Gallstones are frequent in patients with CD, of which 25% develop gallstones mainly due to malabsorption of bile salts from the inflamed terminal ileum. Abnormalities of liver function (elevated serum aminotransferase and alkaline phosphatase) are common in patients with malnutrition, sepsis, and fatty liver due to severe attacks of IBD. These correlate with disease activity and return to normal once remission is achieved. Factors favouring fatty infiltration of the liver in severely ill patients are poor nutrition and often concomitant steroid therapy.


There is an increased risk for acute as well as chronic pancreatitis in IBD[71-73] documented by a multitude of case reports and case series.

Acute pancreatitis

Especially in cases of acute pancreatitis, it may be difficult to determine the true incidence of EIM[74]. Many drugs in IBD treatment have the potential to induce acute pancreatitis (e.g. salicylates, azathioprine and 6-mercaptopurine, rarely corticosteroids). Drug-induced pancreatitis typically occurs within the first weeks after commencing drug-therapy[75], the course is usually mild and resolves quickly after discontinuing the drug. Especially in CD regional inflammatory complications due to duodenal/papillary involvement or biliary complications should be considered. Nevertheless, after excluding extraintestinal complications, an increased risk for idiopathic pancreatitis remains in patients with IBD (1%-1.5%) that should be considered as true extraintestinal involvement.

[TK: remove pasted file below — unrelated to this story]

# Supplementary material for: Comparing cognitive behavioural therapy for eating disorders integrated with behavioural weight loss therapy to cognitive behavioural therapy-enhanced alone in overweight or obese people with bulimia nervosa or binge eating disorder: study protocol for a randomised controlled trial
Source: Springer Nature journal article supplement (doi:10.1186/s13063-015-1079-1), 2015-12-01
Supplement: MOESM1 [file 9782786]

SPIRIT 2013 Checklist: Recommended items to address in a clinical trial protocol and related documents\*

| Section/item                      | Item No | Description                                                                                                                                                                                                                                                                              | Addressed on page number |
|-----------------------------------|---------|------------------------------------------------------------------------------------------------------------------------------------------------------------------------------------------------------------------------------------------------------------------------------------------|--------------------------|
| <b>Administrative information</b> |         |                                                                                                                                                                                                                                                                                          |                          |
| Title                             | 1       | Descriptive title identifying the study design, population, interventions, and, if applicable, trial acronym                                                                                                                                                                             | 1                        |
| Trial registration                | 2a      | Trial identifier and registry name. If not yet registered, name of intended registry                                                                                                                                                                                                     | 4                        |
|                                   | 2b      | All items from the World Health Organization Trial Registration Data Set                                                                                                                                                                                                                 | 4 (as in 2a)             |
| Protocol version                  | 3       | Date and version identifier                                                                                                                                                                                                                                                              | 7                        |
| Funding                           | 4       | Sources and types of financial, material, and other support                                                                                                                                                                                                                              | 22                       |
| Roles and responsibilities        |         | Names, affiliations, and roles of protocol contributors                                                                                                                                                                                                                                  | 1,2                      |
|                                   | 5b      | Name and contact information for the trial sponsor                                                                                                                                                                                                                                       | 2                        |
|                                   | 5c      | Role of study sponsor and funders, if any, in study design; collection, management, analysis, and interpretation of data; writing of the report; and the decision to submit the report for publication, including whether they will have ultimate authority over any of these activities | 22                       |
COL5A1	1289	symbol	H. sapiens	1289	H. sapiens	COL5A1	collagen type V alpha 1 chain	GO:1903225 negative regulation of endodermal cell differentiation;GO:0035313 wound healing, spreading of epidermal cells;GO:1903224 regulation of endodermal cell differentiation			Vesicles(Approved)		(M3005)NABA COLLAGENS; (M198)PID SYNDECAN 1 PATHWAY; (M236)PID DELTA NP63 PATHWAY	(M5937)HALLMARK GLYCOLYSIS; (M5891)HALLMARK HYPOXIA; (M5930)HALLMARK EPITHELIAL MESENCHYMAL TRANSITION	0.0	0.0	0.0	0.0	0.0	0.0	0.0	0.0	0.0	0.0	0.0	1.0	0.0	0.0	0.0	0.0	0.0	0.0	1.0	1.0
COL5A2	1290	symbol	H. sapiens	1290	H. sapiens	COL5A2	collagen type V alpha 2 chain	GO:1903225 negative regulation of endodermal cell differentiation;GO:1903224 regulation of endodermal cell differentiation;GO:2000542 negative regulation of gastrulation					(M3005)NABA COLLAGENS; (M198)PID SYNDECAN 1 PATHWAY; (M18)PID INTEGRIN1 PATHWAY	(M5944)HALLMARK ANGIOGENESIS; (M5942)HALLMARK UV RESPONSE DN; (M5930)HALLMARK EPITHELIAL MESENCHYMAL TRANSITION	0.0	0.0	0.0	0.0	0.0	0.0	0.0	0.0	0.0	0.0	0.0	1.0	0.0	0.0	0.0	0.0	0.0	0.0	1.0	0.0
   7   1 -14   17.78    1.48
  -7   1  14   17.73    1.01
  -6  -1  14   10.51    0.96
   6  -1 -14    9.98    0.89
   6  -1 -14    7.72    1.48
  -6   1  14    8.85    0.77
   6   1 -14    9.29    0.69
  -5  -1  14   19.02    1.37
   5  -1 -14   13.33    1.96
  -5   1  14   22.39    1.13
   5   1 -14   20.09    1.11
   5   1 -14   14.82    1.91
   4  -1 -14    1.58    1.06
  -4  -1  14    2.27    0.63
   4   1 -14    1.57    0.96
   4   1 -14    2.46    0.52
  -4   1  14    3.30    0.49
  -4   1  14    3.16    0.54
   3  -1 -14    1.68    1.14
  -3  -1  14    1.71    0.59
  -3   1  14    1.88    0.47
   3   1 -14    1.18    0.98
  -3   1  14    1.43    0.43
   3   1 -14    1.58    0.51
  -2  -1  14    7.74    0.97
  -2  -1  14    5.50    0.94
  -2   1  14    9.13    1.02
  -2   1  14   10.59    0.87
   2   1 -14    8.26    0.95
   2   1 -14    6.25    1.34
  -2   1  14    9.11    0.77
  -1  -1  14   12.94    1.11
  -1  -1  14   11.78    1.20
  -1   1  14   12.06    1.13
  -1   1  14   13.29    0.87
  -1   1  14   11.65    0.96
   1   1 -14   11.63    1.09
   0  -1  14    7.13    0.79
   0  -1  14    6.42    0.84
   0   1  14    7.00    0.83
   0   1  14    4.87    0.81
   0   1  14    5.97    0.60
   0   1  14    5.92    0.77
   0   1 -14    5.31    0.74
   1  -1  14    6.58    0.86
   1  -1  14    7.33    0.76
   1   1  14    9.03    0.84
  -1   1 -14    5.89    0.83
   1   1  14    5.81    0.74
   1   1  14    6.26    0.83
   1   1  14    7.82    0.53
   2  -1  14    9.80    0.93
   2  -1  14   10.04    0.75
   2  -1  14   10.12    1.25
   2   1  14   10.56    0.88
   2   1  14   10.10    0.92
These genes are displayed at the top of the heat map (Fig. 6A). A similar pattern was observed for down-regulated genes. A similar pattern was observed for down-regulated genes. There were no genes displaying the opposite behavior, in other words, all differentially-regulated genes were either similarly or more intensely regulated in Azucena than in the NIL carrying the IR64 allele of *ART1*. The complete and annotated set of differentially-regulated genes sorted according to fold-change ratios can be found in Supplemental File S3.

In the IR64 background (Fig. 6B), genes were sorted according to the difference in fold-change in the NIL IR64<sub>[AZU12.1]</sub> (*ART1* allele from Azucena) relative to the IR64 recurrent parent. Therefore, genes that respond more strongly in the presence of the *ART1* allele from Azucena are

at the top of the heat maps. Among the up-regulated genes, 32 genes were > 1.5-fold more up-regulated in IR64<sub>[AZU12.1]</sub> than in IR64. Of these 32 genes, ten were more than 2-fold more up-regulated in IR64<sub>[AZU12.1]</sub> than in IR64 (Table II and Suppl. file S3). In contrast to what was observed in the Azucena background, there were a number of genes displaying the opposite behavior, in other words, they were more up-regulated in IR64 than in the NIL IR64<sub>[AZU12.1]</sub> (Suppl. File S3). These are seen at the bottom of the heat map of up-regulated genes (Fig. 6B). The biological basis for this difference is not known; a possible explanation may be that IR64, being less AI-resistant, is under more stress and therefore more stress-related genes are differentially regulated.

Pancreatic autoantibodies have been found in up to 40% of CD patients[76]. In contrast to earlier reports[77] the prevalence seems to be increased in both CD and UC patients as well as in first-degree relatives[78]. The relevance for disease is still unclear, however. In a series with 64 antibody-positive CD patients the proportion suffering from exocrine insufficiency was 27% compared to 8% in antibody negative patients[79]. Further studies are needed to show whether these antibodies, apart from their diagnostic relevance for IBD, actually play a role in pathogenesis and whether they can help to identify patients at risk of developing an EIM involving the pancreas.

Chronic pancreatitis